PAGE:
[Event "Norway Chess 2013"] [Site "Stavanger"] [Date "2013.05.12"] [Round "4"] [White "Carlsen, Magnus"] [Black "Svidler, Peter"] [Result "1/2-1/2"] [ECO "B51"] [WhiteElo "2868"] [BlackElo "2769"] [Annotator ""] [PlyCount "86"] [EventDate "2013.??.??"] [EventCountry "NOR"] [TimeControl "40/6000+30:20/3000:900+30"] 1. e4 {0} c5 {0} 2. Nf3 {1} d6 {0} 3. Bb5+ {22} Nd7 {0} 4. O-O {29} a6 {340} 5. Bd3 {39} Ne5 {505} 6. Nxe5 {403} dxe5 {15} 7. a4 {156} Nf6 {624} 8. b3 {198} Be6 {295} 9. Bb2 {229} Bxb3 {439} 10. Qe2 {214} c4 {440} 11. Bxc4 {9} Bxc4 {1} 12. Qxc4 {7} Rc8 {4} 13. Qb3 {955} Qc7 {28} 14. d3 {212} e6 {398} 15. Nd2 {92} Nd7 {78} 16. Nc4 {385} b6 {453} 17. Kh1 {244} Rb8 {480} 18. Qc3 {873} f6 {191} 19. g3 {312} b5 {532} 20. axb5 {397} axb5 {30} 21. Ne3 {9} Qxc3 {570} 22. Bxc3 {2} b4 {16} 23. Bd2 {80} b3 {18} 24. cxb3 {9} Rxb3 {44} 25. Ra8+ {7} Rb8 {161} 26. Rxb8+ {84} Nxb8 {22} 27. Rc1 {200} Kd7 {78} 28. Rb1 {214} Nc6 {53} 29. Nc4 {271} Be7 {85} 30. f4 {100} exf4 {70} 31. gxf4 {66} Rb8 {45} 32. Rxb8 {7} Nxb8 {5} 33. Kg2 {10} Nc6 {6} 34. Bc3 {6} Bc5 {93} 35. Kf3 {142} Nd4+ {95} 36. Bxd4 {22} Bxd4 {1} 37. f5 {35} g6 {54} 38. fxe6+ {42} Kxe6 {4} 39. h3 {5} h5 {74} 40. Na5 {6} Bb6 {32} 41. Nc4 {2978} Bd4 {2971} 42. Na5 {0} Bb6 {0} 43. Nc4 {0} Bd4 {0} 1/2-1/2 [Event "Norway Chess 2013"] [Site "Stavanger"] [Date "2013.05.12"] [Round "4"] [White "Aronian, Levon"] [Black "Karjakin, Sergey"] [Result "0-1"] [ECO "E15"] [WhiteElo "2813"] [BlackElo "2767"] [Annotator ""] [PlyCount "76"] [EventDate "2013.??.??"] [EventCountry "NOR"] [TimeControl "40/6000+30:20/3000:900+30"] 1. d4 {0} Nf6 {0} 2. c4 {0} e6 {0} 3. Nf3 {4} b6 {1} 4. g3 {10} Ba6 {5} 5. b3 { 6} Bb4+ {6} 6. Bd2 {6} Be7 {5} 7. Nc3 {7} O-O {14} 8. Bg2 {7} c6 {15} 9. e4 {6} d5 {6} 10. exd5 {6} cxd5 {7} 11. Ne5 {6} Bb7 {10} 12. O-O {11} Nc6 {6} 13. Bf4 {5} Na5 {16} 14. Rc1 {11} Ba3 {9} 15. Rb1 {5} Bb4 {10} 16. Na4 {6} Ne4 {50} 17. a3 {31} Be7 {17} 18. cxd5 {17} exd5 {203} 19. b4 {222} Nc6 {102} 20. Rc1 {160} Rc8 {955} 21. Bh3 {425} f5 {21} 22. f3 {1090} Nd6 {264} 23. Qd3 {287} Nxe5 { 1160} 24. dxe5 {248} Rxc1 {23} 25. Bxc1 {451} Nc4 {25} 26. f4 {14} b5 {321} 27. Nc3 {447} Qb6+ {311} 28. Rf2 {21} d4 {23} 29. Ne2 {503} Rd8 {57} 30. Qxf5 {15} d3 {38} 31. Qe6+ {5} Kf8 {39} 32. Qf5+ {153} Ke8 {1326} 33. Qxh7 {660} d2 {825} 34. Bxd2 {170} Rxd2 {29} 35. e6 {486} Rd1+ {77} 36. Bf1 {11} Qxe6 {9} 37. Qh5+ {22} Kf8 {188} 38. Nc3 {234} Qc6 {70} 0-1 [Event "Norway Chess 2013"] [Site "Stavanger"] [Date "2013.05.12"] [Round "4"] [White "Wang, Hao"] [Black "Radjabov, Teimour"] [Result "1/2-1/2"] [ECO "E25"] [WhiteElo "2743"] [BlackElo "2745"] [Annotator ""] [PlyCount "64"] [EventDate "2013.??.??"] [EventCountry "NOR"] [TimeControl "40/6000+30:20/3000:900+30"] 1. d4 {0} Nf6 {0} 2. c4 {0} e6 {16} 3. Nc3 {33} Bb4 {22} 4. f3 {394} d5 {157} 5. a3 {5} Bxc3+ {219} 6. bxc3 {13} c5 {97} 7. cxd5 {6} Nxd5 {71} 8. dxc5 {7} Qa5 {160} 9. e4 {8} Nf6 {16} 10. Be3 {84} O-O {61} 11. Qb3 {244} Nfd7 {533} 12. a4 {114} Qc7 {197} 13. Qa3 {15} b6 {44} 14. a5 {74} bxc5 {90} 15. a6 {6} c4 {46 } 16. Qa5 {7} Qxa5 {358} 17. Rxa5 {8} Nc6 {15} 18. Ra2 {606} Nde5 {1247} 19. f4 {192} Ng4 {50} 20. Bc1 {302} Rb8 {244} 21. Nh3 {774} Rb1 {1281} 22. Kd2 {36} Rb6 {124} 23. Bxc4 {906} Nb8 {6} 24. Be2 {241} Nf6 {446} 25. Nf2 {423} Bxa6 {78 } 26. c4 {155} Rc6 {679} 27. Kc3 {226} Rfc8 {82} 28. Ra4 {92} Nfd7 {83} 29. Be3 {213} Nb6 {9} 30. Bxb6 {91} axb6 {11} 31. Kd4 {316} b5 {246} 32. cxb5 {256} Rd8+ {14} 1/2-1/2 [Event "Norway Chess 2013"] [Site "Stavanger"] [Date "2013.05.12"] [Round "4"] [White "Anand, Viswanathan"] [Black "Nakamura, Hikaru"] [Result "0-1"] [ECO "C78"] [WhiteElo "2783"] [BlackElo "2775"] [Annotator ""] [PlyCount "78"] [EventDate "2013.??.??"] [EventCountry "NOR"] [TimeControl "40/6000+30:20/3000:900+30"] 1. e4 {0} e5 {0} 2. Nf3 {0} Nc6 {0} 3. Bb5 {0} a6 {0} 4. Ba4 {0} Nf6 {0} 5. O-O {0} b5 {0} 6. Bb3 {5} Bc5 {0} 7. c3 {11} d6 {5} 8. d4 {7} Bb6 {5} 9. Be3 {6} O-O {62} 10. Nbd2 {8} Re8 {17} 11. Re1 {49} Na5 {49} 12. Bc2 {54} c5 {14} 13. dxc5 {329} dxc5 {65} 14. Qe2 {140} Ng4 {841} 15. Nf1 {38} Be6 {6} 16. Ng5 {705} Nxe3 {41} 17. Nxe6 {6} fxe6 {3} 18. Nxe3 {9} c4 {3} 19. Qh5 {411} Qc7 {323} 20. Ng4 {293} Rf8 {50} 21. Re2 {66} Rad8 {107} 22. Rd1 {272} Rxd1+ {884} 23. Bxd1 { 6} Rd8 {53} 24. Bc2 {618} b4 {771} 25. cxb4 {625} Nc6 {31} 26. Ba4 {150} Nxb4 { 865} 27. Qxe5 {516} Qe7 {106} 28. Qh5 {245} Nxa2 {495} 29. g3 {377} Nc1 {51} 30. Rc2 {105} Nd3 {9} 31. e5 {339} Rf8 {533} 32. Rxc4 {462} Bxf2+ {43} 33. Kg2 {21} Bc5 {315} 34. Bc6 {301} Rf5 {130} 35. Qh4 {28} Ne1+ {4} 36. Kh3 {20} Qf7 { 4} 37. Rxc5 {247} Rh5 {7} 38. Bg2 {84} Rxh4+ {6} 39. gxh4 {4} Qf5 {36} 0-1 [Event "Norway Chess 2013"] [Site "Stavanger"] [Date "2013.05.12"] [Round "4"] [White "Topalov, Veselin"] [Black "Hammer, Jon Ludvig"] [Result "1/2-1/2"] [ECO "D71"] [WhiteElo "2793"] [BlackElo "2608"] [Annotator ""] [PlyCount "111"] [EventDate "2013.??.??"] [EventCountry "NOR"] [TimeControl "40/6000+30:20/3000:900+30"] 1. d4 {0} Nf6 {0} 2. c4 {0} g6 {0} 3. g3 {0} c6 {5} 4. Bg2 {16} d5 {8} 5. e3 {4 } Bg7 {130} 6. Ne2 {34} O-O {113} 7. O-O {14} b6 {17} 8. b3 {179} Bb7 {62} 9. Nbc3 {168} Nbd7 {434} 10. a4 {430} Re8 {497} 11. Ba3 {511} e6 {910} 12. Rc1 { 429} Ba6 {642} 13. Qc2 {376} Rc8 {123} 14. Qa2 {116} Bf8 {132} 15. Bxf8 {29} Rxf8 {37} 16. Rfd1 {445} Qe7 {116} 17. Nf4 {42} dxc4 {236} 18. bxc4 {5} e5 {10} 19. Nd3 {7} exd4 {391} 20. exd4 {77} Qd6 {17} 21. Ne2 {444} Rfe8 {586} 22. Nef4 {859} Rcd8 {1264} 23. h4 {715} c5 {54} 24. dxc5 {458} Nxc5 {5} 25. Nd5 {169} Nxd5 {26} 26. Bxd5 {41} Nxd3 {584} 27. Rxd3 {6} Qc7 {4} 28. Qd2 {300} Bb7 {25} 29. h5 {14} Bxd5 {348} 30. cxd5 {7} Qe5 {0} 31. h6 {146} Qh5 {4} 32. d6 {35} Re2 {15} 33. Qf4 {282} Qe5 {5} 34. Qf3 {237} Re1+ {14} 35. Rxe1 {6} Qxe1+ {3} 36. Kg2 {12} Qe6 {5} 37. Qc6 {106} f6 {88} 38. Qc7 {124} Qd7 {3} 39. Qc4+ {42} Kf8 {44} 40. Rd1 {101} Qb7+ {27} 41. Kg1 {3020} Qf7 {196} 42. Qb4 {0} Qe6 {60} 43. a5 {0} bxa5 {2} 44. Qxa5 {0} Rd7 {78} 45. Qc5 {0} Kf7 {40} 46. Qc2 {0} a5 { 571} 47. Rd4 {0} a4 {121} 48. Rxa4 {0} Qxd6 {31} 49. Ra1 {0} Qe6 {169} 50. Ra8 {0} Qd5 {107} 51. Ra1 {0} Qe6 {0} 52. Rb1 {0} Qf5 {235} 53. Qc4+ {0} Qe6 {0} 54. Qa4 {0} Qd5 {28} 55. Re1 {0} g5 {201} 56. Qc2 {0} 1/2-1/2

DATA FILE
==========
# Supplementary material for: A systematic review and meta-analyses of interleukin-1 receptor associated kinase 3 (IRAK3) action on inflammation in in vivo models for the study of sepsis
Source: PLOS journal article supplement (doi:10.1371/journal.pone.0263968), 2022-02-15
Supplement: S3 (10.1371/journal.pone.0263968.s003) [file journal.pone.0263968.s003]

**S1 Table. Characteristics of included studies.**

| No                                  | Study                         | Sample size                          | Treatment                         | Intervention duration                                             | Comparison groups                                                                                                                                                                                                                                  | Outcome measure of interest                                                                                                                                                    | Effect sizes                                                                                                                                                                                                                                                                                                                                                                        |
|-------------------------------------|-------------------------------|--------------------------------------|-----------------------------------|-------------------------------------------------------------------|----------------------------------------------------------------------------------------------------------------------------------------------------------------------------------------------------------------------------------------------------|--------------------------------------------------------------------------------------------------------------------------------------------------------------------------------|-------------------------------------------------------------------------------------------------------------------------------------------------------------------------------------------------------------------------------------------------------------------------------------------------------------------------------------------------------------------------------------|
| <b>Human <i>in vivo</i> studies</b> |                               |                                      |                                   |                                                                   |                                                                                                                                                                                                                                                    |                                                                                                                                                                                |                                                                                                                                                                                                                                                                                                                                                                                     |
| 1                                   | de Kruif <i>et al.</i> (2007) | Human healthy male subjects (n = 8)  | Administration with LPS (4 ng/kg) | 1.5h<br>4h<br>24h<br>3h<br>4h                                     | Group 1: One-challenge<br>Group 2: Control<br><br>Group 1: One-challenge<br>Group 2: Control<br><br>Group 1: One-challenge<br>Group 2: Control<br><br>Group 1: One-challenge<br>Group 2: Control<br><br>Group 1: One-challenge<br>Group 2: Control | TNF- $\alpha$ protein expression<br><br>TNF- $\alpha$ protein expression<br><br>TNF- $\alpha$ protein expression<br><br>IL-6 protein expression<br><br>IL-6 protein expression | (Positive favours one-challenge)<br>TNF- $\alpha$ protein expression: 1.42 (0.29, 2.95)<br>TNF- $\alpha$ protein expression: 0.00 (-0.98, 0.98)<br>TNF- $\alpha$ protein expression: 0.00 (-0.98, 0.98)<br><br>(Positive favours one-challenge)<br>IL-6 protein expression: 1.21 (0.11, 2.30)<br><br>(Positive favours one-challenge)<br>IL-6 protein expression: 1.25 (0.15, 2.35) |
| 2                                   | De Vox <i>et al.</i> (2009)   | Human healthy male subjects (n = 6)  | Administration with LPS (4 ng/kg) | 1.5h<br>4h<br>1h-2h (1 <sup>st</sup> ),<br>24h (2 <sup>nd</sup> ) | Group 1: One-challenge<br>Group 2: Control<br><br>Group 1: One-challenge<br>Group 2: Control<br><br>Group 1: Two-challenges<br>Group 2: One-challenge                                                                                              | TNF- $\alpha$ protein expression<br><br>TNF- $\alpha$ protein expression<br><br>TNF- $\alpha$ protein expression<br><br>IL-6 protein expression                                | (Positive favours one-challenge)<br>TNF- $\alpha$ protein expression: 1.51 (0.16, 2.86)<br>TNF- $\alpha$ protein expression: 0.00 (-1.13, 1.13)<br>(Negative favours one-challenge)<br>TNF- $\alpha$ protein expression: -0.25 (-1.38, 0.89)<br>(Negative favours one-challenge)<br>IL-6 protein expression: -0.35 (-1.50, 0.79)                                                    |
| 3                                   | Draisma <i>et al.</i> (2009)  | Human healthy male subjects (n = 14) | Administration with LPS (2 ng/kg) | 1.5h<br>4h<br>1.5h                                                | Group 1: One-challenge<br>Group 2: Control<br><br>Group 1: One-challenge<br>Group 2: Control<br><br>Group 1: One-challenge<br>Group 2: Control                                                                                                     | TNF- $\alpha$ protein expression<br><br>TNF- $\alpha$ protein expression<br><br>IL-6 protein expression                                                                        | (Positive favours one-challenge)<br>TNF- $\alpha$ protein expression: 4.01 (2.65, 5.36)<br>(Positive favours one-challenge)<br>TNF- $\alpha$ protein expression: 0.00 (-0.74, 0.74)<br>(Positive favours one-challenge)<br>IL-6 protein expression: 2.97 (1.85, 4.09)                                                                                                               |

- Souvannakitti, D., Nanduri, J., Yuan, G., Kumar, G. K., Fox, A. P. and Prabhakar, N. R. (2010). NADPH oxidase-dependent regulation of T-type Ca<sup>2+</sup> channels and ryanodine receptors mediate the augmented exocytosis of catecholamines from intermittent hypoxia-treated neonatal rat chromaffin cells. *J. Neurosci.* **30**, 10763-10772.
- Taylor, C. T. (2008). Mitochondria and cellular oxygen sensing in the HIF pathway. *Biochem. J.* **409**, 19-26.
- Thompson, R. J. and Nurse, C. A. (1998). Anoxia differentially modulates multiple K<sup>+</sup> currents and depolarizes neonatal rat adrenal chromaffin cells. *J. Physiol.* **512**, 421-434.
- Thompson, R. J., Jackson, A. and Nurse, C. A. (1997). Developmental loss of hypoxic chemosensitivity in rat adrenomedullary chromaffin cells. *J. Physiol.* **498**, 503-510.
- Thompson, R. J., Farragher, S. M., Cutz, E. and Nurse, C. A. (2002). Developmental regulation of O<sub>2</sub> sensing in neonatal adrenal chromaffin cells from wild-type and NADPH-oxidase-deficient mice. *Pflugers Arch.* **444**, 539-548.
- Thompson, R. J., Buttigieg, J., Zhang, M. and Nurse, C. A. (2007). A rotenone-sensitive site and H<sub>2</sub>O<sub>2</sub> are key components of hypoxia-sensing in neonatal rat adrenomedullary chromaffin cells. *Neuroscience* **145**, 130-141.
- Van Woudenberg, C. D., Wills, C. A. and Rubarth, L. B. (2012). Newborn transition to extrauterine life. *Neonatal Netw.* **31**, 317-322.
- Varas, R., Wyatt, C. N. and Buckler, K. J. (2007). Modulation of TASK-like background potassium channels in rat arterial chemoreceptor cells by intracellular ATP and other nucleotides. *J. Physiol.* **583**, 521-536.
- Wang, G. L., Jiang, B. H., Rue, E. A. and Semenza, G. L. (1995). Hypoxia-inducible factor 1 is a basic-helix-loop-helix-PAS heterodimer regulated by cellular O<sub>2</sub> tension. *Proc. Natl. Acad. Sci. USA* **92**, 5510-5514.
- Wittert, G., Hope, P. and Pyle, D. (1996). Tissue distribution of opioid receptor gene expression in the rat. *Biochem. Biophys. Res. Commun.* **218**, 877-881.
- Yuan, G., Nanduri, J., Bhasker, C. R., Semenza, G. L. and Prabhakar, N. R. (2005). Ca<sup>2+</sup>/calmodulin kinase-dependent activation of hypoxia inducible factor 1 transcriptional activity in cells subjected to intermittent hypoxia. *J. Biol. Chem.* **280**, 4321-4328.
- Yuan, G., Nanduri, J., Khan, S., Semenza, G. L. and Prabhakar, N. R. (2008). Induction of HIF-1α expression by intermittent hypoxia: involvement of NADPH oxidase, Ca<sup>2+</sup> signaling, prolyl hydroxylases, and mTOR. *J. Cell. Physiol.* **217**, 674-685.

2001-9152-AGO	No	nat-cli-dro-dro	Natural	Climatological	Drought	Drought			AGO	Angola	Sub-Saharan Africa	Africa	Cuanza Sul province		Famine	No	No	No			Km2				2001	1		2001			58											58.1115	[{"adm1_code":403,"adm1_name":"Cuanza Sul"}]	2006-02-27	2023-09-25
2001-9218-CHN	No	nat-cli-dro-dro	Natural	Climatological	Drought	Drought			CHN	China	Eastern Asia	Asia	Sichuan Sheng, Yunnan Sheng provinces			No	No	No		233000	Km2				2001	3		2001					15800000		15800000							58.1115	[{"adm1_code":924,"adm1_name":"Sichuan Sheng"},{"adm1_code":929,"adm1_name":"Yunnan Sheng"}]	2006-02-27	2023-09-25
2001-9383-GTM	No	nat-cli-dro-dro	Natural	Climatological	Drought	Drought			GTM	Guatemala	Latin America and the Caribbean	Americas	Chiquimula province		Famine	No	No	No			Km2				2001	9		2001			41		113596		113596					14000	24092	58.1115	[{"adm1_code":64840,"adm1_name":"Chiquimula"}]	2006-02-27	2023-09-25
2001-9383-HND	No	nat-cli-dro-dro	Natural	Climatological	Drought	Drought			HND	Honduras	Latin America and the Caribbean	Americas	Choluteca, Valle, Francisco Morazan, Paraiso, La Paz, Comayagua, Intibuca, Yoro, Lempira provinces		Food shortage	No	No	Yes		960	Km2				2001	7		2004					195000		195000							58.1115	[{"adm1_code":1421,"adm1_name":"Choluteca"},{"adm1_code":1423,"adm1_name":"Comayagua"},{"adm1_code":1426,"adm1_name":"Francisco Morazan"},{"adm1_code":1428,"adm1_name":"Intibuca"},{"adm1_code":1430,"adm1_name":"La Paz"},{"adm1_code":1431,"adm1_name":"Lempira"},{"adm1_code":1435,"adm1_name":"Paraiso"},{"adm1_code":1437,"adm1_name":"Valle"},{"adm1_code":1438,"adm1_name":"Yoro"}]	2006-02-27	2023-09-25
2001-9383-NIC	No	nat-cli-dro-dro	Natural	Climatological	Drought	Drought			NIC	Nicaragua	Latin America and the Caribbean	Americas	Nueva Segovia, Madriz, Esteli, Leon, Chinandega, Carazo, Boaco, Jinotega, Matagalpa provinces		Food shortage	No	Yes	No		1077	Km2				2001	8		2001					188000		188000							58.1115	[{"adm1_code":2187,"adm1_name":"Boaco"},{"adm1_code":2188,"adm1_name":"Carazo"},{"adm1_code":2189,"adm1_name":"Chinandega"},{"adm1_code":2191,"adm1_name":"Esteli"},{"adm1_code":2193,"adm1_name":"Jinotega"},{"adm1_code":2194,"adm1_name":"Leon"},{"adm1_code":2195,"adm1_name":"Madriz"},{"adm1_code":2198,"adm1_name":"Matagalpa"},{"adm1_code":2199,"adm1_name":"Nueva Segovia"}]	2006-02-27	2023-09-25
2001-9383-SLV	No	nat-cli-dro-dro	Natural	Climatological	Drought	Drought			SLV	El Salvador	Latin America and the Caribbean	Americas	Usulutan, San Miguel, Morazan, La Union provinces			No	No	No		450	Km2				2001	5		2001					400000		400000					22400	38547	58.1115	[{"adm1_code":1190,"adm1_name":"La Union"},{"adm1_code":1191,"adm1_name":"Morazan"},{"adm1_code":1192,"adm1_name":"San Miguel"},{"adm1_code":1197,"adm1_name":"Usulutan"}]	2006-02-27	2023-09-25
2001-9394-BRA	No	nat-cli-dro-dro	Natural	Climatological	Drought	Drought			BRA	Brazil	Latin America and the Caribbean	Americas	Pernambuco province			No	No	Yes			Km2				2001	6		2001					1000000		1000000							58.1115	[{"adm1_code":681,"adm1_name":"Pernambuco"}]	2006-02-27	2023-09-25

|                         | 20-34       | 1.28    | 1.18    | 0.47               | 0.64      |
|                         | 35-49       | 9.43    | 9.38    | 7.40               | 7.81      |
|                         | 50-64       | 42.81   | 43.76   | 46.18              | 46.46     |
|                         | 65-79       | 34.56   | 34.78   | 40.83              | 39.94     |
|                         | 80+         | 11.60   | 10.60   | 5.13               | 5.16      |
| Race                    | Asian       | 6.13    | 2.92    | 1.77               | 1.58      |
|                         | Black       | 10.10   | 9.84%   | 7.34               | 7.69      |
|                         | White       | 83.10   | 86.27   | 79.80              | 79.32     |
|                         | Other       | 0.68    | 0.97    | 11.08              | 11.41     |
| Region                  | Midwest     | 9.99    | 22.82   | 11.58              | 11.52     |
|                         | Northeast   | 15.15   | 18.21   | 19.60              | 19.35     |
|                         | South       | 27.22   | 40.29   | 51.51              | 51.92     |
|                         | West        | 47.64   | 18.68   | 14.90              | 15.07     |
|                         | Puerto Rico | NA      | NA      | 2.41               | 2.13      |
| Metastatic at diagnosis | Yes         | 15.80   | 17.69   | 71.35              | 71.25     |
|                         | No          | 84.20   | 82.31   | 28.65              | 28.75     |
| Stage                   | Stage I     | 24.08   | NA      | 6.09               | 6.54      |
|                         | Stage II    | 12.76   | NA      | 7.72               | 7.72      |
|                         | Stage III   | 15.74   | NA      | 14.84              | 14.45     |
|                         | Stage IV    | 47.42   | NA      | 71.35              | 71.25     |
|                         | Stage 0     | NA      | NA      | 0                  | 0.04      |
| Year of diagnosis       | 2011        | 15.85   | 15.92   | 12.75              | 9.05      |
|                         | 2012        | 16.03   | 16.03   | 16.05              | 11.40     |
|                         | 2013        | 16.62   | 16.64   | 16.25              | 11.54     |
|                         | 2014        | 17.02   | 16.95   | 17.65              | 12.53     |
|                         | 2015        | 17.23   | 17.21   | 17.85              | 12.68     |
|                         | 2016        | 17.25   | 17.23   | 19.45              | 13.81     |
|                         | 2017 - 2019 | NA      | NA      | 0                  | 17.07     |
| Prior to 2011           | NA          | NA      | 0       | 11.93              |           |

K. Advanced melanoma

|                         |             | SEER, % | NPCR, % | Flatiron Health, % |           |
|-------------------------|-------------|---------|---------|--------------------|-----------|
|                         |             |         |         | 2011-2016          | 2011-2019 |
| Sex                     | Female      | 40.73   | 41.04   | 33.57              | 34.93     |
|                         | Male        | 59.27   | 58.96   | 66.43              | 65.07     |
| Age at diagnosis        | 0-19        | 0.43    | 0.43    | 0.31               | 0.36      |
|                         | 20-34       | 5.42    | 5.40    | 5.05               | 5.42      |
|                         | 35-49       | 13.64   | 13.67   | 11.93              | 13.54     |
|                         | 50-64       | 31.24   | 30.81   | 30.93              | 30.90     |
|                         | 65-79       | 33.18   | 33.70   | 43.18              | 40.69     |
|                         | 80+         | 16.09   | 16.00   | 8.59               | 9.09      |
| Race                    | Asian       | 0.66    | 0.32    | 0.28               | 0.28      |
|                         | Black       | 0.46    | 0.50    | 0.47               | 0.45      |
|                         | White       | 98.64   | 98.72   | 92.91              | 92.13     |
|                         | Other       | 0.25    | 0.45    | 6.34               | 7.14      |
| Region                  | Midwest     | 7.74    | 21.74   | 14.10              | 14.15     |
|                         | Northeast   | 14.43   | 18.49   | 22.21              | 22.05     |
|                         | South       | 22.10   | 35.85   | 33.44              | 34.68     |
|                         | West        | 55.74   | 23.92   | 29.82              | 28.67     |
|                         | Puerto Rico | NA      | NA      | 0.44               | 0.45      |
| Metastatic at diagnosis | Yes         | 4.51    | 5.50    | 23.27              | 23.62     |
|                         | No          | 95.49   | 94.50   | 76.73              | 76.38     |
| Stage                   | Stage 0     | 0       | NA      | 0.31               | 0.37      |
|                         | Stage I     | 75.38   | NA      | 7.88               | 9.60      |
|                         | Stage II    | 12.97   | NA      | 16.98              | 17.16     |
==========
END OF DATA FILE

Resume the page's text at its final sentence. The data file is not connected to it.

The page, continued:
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Levon Aronian and Wang Hao enjoy a moment in the parking lot near the chessmobiles